In the history of Mughals, one name that stands out among the rest is Emperor Akbar. He was the greatest of all the emperors to rule the Mughal Empire. We know about all his conquests, journeys and victories, but an integral part of his life is lesser-known to many. Despite having most of the Indian subcontinent under his grasp, his greatest sorrow till the age of 27 was the lack of an heir of his empire. In 1564, Akbar had twin sons, Hassan and Hussain, but both of them were only a guest in his life for a month. Years passed by, but the emperor remained childless. He became desperate for a son and prayed to Khwaja Moinuddin Chishti, making a promise that if he is blessed him with a son; he would walk from Agra to Ajmer and visit his dargah.
Soon after, he got the news that there was another Sufi saint named Sheikh Salim Chishti, who lived near Agra in Sikri, who could help him. Without further delay, Akbar went to ask him to pray for a male heir for the throne. Chishti blessed Akbar, assuring him he would not just have one, but three sons to take over his empire.
In 1569, Akbar heard the news that his first Hindu wife, Mariam-uz-Zamani, popularly known as Harka Bai, was expecting a child, as promised by Chishti. The expectant empress was sent to Sheikh’s humble dwelling Sikri during the latter period of her pregnancy so that she could be surrounded by the blessings of the holy man. This was also an ideal decision taken by Akbar to avoid unnecessary gossip around the court regarding his personal life.
One day, during the pregnancy, the baby stopped kicking. A strange numbness dawned on her when she realised the possible outcomes of this situation. She could not speak and only wished for everything to go back to normal. Upon hearing the news, Akbar thought to himself that, perhaps to gaon something he truly loves, he was meant to give something up. He had already promised a pilgrimage to Ajmer and moved his wife under the protection of blessings. This could possibly be his final test. Akbar then decided to sacrifice one of his favourite hobbies for the wellbeing of his child. The emperor, like most royals, loved to hunt; especially the spectacular sport of hunting with cheetahs. Since this was a time for a new life, he vowed that never again would he hunt with cheetahs if only his baby would move again. And never again he did.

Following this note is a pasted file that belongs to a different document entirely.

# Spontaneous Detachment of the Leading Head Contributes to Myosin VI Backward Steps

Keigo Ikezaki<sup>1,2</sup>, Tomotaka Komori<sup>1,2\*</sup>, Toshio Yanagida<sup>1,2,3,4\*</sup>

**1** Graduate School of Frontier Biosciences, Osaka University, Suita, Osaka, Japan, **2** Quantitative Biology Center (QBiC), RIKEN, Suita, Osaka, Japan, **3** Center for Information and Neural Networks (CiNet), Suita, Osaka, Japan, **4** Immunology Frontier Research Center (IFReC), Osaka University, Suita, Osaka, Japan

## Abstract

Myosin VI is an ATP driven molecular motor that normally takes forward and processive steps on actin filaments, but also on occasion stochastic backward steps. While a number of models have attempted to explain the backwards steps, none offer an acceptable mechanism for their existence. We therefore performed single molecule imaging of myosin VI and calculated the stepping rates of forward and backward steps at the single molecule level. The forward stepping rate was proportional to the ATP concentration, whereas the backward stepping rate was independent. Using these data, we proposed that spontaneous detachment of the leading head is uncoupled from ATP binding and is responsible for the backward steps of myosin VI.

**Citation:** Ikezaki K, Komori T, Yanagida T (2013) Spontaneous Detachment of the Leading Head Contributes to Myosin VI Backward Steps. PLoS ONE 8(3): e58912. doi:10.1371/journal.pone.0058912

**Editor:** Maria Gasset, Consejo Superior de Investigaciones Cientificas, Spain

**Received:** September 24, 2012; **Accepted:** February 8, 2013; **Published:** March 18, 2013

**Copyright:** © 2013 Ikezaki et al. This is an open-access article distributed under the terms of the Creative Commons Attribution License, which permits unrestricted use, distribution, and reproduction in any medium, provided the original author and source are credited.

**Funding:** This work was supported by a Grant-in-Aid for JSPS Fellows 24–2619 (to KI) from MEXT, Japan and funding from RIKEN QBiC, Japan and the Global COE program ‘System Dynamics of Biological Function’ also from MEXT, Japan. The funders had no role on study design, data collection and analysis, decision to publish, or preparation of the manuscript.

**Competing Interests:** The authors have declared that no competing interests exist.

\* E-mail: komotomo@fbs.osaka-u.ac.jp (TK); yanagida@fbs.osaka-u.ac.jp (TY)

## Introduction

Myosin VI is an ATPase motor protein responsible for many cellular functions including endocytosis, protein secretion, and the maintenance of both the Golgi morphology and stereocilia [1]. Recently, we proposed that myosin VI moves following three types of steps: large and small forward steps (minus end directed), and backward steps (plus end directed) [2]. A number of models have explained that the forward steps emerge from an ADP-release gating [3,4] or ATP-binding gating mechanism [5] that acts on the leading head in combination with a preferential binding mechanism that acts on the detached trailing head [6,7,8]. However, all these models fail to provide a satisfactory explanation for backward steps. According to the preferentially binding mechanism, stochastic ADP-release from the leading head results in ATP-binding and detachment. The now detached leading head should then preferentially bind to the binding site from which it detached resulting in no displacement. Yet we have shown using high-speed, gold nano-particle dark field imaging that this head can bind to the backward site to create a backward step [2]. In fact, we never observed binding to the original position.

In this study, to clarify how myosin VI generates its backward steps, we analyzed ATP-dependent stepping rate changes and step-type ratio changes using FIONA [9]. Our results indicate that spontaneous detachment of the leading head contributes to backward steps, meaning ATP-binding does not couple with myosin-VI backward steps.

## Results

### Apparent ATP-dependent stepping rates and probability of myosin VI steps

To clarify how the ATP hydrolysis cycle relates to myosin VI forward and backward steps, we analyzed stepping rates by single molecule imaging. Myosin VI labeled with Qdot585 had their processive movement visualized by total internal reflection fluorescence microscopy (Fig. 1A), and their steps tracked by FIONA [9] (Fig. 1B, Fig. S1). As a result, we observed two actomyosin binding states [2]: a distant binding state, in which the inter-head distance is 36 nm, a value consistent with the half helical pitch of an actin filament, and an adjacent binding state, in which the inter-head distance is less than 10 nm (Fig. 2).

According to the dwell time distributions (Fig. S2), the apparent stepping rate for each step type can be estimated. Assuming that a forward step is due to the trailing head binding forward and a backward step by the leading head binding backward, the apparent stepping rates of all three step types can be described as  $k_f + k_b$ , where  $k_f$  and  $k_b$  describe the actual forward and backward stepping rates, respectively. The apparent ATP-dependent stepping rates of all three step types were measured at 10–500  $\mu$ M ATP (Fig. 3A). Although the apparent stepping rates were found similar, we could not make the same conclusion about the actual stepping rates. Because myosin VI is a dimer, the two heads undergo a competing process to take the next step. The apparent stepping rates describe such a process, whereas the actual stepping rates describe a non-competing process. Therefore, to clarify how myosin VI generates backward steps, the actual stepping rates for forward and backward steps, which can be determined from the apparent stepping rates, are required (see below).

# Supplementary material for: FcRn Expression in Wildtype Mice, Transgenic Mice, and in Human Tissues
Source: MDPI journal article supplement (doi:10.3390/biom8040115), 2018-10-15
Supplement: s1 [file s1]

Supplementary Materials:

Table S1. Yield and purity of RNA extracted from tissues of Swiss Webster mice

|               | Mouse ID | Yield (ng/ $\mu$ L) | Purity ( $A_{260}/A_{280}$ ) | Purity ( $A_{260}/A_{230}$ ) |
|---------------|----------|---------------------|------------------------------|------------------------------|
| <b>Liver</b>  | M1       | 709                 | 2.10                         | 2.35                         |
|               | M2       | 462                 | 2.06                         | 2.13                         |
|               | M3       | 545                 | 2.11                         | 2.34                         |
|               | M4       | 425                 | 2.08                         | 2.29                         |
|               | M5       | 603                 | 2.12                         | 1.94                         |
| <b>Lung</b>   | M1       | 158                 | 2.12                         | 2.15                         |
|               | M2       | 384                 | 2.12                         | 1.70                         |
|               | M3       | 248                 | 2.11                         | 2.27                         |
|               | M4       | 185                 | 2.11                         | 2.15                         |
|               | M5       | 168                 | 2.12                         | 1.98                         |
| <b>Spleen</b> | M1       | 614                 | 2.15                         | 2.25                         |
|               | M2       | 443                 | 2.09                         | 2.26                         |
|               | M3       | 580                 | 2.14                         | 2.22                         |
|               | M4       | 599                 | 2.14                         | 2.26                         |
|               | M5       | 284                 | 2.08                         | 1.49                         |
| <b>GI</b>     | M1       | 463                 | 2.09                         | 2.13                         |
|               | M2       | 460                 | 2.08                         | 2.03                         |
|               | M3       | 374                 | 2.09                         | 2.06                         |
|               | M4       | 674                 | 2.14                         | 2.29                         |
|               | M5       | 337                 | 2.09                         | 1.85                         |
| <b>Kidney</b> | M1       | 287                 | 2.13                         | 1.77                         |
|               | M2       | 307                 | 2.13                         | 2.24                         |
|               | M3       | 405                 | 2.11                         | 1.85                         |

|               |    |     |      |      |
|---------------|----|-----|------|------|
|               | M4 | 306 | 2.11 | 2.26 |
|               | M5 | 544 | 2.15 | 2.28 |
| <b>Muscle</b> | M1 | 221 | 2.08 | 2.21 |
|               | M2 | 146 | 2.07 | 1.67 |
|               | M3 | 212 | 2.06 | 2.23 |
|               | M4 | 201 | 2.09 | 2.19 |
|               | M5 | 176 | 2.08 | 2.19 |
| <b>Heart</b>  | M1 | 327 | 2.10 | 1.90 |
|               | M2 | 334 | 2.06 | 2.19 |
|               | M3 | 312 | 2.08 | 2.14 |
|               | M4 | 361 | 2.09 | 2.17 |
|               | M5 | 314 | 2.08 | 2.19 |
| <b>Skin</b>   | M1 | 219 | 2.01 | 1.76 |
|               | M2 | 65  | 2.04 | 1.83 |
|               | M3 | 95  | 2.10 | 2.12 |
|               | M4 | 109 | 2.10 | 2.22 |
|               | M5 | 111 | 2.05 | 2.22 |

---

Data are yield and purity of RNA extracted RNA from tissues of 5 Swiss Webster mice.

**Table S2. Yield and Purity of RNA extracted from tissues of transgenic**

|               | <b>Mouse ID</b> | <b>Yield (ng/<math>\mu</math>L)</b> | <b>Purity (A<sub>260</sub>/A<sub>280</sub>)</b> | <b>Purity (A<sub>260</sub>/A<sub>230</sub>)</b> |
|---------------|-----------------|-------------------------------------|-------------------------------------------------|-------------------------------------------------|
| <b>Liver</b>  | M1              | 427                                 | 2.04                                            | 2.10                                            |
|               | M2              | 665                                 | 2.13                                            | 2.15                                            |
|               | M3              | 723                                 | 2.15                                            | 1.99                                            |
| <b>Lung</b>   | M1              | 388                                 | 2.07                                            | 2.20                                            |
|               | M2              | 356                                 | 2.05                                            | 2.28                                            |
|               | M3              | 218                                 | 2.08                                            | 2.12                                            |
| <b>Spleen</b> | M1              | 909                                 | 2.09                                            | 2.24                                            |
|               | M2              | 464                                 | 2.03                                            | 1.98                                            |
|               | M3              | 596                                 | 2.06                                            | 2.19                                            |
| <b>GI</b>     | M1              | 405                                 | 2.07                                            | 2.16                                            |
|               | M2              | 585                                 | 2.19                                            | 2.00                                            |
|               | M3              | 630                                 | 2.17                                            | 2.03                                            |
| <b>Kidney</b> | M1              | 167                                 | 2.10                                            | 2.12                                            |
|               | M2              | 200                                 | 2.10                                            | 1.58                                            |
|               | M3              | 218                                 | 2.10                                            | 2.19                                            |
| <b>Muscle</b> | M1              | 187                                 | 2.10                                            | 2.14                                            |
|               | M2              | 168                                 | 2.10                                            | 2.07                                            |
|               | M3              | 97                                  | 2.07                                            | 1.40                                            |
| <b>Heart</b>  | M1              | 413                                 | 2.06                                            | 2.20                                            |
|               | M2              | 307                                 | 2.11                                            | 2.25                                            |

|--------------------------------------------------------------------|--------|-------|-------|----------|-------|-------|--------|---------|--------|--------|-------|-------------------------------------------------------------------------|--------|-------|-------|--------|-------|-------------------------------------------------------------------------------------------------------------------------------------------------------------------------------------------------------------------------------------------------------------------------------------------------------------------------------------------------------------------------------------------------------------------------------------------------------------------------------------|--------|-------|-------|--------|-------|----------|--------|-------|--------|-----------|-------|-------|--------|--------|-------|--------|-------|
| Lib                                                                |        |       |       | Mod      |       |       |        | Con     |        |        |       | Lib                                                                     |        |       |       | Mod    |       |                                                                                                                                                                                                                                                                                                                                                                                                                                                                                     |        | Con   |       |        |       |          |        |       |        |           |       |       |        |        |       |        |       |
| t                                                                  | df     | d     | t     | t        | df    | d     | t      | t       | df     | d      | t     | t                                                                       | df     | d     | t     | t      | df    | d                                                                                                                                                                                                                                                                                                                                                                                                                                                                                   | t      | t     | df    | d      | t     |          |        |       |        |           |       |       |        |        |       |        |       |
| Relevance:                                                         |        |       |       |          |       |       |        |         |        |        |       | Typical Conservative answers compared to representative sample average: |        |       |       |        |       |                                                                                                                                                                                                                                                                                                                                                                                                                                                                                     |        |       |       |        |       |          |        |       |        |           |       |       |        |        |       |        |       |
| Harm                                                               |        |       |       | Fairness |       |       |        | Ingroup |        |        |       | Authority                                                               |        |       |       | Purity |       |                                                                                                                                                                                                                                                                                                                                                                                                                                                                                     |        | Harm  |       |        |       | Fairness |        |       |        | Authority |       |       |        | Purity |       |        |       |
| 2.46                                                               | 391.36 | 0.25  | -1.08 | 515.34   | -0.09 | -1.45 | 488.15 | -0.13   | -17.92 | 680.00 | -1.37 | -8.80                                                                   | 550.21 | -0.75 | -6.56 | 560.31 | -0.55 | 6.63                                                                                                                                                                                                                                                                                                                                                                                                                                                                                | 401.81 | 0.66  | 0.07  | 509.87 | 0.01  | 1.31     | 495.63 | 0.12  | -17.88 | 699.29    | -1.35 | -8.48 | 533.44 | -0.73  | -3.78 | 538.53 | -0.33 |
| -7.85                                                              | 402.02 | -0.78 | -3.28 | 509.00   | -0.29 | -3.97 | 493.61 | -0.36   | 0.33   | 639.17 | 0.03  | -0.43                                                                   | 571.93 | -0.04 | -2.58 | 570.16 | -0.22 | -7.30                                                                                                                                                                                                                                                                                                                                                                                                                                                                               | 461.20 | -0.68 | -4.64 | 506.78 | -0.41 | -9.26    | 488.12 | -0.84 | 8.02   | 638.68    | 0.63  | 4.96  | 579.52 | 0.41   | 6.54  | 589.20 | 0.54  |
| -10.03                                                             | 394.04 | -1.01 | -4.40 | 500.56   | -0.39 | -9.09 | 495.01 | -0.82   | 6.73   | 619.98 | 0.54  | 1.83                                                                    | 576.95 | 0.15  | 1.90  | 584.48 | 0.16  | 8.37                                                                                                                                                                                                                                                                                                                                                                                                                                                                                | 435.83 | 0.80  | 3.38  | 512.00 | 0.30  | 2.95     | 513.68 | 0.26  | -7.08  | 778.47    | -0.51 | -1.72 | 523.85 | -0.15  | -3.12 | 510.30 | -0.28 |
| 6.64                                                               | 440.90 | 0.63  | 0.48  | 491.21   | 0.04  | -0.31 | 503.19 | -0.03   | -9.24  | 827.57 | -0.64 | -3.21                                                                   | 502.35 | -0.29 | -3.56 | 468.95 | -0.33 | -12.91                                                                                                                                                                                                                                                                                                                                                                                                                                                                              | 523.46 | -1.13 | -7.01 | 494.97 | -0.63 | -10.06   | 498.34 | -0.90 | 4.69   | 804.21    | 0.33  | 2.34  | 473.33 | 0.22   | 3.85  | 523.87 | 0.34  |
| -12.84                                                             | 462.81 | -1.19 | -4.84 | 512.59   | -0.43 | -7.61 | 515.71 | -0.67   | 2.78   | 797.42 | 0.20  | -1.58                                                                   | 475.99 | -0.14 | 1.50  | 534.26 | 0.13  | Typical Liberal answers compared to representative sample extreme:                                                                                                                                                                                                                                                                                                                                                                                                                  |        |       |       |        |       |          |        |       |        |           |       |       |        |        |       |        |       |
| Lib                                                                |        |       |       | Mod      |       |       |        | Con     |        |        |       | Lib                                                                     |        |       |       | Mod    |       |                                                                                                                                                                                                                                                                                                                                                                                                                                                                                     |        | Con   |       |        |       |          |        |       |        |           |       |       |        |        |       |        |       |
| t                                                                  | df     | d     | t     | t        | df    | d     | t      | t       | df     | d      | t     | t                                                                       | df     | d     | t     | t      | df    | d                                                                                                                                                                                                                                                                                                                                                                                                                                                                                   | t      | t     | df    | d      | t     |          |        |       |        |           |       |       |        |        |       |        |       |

On 30 August 1569, the first heir of Akbar’s throne was born and received the name Nur-ud-din Muhammad Salim, in acknowledgement of his father’s faith in the efficacy of the holy saint’s prayer. His imperial name, which he came to be known as later in life, was Jahangir, which means ‘conqueror of the world’.
At the birth of Prince Salim, great festivities took place at Agra. The emperor ordered all captives, except political ones, to be freed. Seven days of continuous celebrations were arranged in Agra. According to the custom, the baby born was handed over to a senior Mughal favourite courtier ‘s wife, who had recently had a baby. Prince Salim’s milk mother was Chishti’s daughter and her son Qutubuddin Koka was his milk brother. The family enjoyed this prestigious position all their life.
Prince Salim was a naughty child and the womenfolk in harem pampered him with affection. His grandmother Hamida Banu and his stepmothers Ruqaiah Sultan and Salima Sultan were very fond of him as well. He was very close to his father’s chief consort, Salima Begum, and his stepmother, Jodhpur Princess Maharani Rukmavathi, whose niece, Jodha Bai, he later married.